Continuum mechanics-based numerical simulations are potential methods for evaluating surface fault displacements. We developed a parallel finite element method to evaluate these displacements. In this study, we applied a numerical method to the simulation of the 2014 Nagano-ken-hokubu Earthquake, in which surface faulting was observed. We modeled a 5 km × 5 km × 1 km domain around the northernmost region of the surface faults, which included secondary faults. We applied forced displacements on the bottom surface of the model based on the slip distribution on the primary fault and the elastic theory of dislocations. As the input slip increased, surface slips appeared on the primary fault and a secondary fault. The calculated surface slips were in good agreement with the measured values.

1 Introduction

Since the occurrence of massive earthquakes in Taiwan and Turkey in 1999, there have been growing concerns about the potential damage of various infrastructures and buildings caused by surface fault ruptures. For on-site fault assessment in nuclear power plants, it is important to estimate fault displacements and their impact on the safety functions of the facilities. It is necessary to reliably estimate the possible displacements.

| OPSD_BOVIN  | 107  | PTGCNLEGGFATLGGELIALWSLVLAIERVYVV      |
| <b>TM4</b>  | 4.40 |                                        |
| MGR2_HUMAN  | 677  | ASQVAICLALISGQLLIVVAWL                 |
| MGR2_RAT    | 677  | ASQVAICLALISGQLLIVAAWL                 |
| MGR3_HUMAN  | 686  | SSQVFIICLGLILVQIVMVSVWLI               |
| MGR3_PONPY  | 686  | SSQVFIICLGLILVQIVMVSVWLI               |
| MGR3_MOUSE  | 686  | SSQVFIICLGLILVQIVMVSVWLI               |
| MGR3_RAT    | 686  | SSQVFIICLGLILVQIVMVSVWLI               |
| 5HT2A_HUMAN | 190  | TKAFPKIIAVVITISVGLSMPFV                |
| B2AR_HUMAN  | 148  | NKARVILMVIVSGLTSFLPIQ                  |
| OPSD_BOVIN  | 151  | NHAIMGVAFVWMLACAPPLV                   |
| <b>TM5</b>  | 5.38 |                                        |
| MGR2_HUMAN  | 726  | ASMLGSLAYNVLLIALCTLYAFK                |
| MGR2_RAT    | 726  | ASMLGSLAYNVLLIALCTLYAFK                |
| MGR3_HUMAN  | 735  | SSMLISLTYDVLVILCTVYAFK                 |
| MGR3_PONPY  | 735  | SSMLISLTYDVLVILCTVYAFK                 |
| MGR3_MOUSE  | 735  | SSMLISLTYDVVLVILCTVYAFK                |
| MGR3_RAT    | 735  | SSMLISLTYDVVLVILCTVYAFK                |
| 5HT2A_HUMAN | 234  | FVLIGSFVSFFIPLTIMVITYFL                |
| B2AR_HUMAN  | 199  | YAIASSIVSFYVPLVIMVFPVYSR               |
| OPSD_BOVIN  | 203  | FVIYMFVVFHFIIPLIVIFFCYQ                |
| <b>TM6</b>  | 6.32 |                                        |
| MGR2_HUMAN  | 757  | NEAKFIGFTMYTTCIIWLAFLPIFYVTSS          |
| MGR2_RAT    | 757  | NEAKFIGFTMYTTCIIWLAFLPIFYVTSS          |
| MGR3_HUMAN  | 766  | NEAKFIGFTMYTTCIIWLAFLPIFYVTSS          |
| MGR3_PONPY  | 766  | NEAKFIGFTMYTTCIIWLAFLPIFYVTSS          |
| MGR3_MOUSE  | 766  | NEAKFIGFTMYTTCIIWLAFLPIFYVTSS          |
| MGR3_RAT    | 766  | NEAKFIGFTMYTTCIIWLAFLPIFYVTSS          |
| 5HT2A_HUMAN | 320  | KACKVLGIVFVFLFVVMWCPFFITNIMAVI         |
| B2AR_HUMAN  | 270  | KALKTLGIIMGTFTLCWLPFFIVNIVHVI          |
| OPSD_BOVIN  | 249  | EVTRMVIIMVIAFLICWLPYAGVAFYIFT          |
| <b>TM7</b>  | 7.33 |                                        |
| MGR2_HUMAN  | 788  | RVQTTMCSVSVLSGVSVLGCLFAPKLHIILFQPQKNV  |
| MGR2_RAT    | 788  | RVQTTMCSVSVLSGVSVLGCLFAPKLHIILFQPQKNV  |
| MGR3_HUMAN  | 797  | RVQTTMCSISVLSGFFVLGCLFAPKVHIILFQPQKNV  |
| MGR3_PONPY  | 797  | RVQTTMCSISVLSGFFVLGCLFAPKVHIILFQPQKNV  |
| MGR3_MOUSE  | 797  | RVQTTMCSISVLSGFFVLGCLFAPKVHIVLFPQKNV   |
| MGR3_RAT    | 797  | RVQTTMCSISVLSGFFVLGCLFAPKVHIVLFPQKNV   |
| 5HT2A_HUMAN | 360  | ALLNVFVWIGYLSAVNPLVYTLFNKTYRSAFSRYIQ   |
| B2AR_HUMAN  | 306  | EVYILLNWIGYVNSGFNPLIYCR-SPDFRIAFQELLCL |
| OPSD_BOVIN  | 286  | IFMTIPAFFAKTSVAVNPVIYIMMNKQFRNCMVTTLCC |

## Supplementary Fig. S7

Numerical simulations based on continuum mechanics are potential evaluation methods for surface fault displacements. However, there are major difficulties in simulating the fault rupture process. One difficulty is that it requires a large amount of numerical computations to simulate the fault rupture process of a target area of only a few hundreds of meters. Another difficulty is the loss of stability in the initial boundary value problem to which the numerical analysis is applied. Stability implies that a solution does not change when a small disturbance is added to the problem, and stability loss leads to drastic changes in the solution due to small disturbances. We overcame these difficulties by applying high performance computing methods. We developed a finite element method involving two functions: 1) a symplectic time integration explicit scheme to properly conserve the energy of the system and 2) rigorously formulated high-order joint elements. The finite element method was enhanced with parallel computing capabilities (Sawada et al., 2017).

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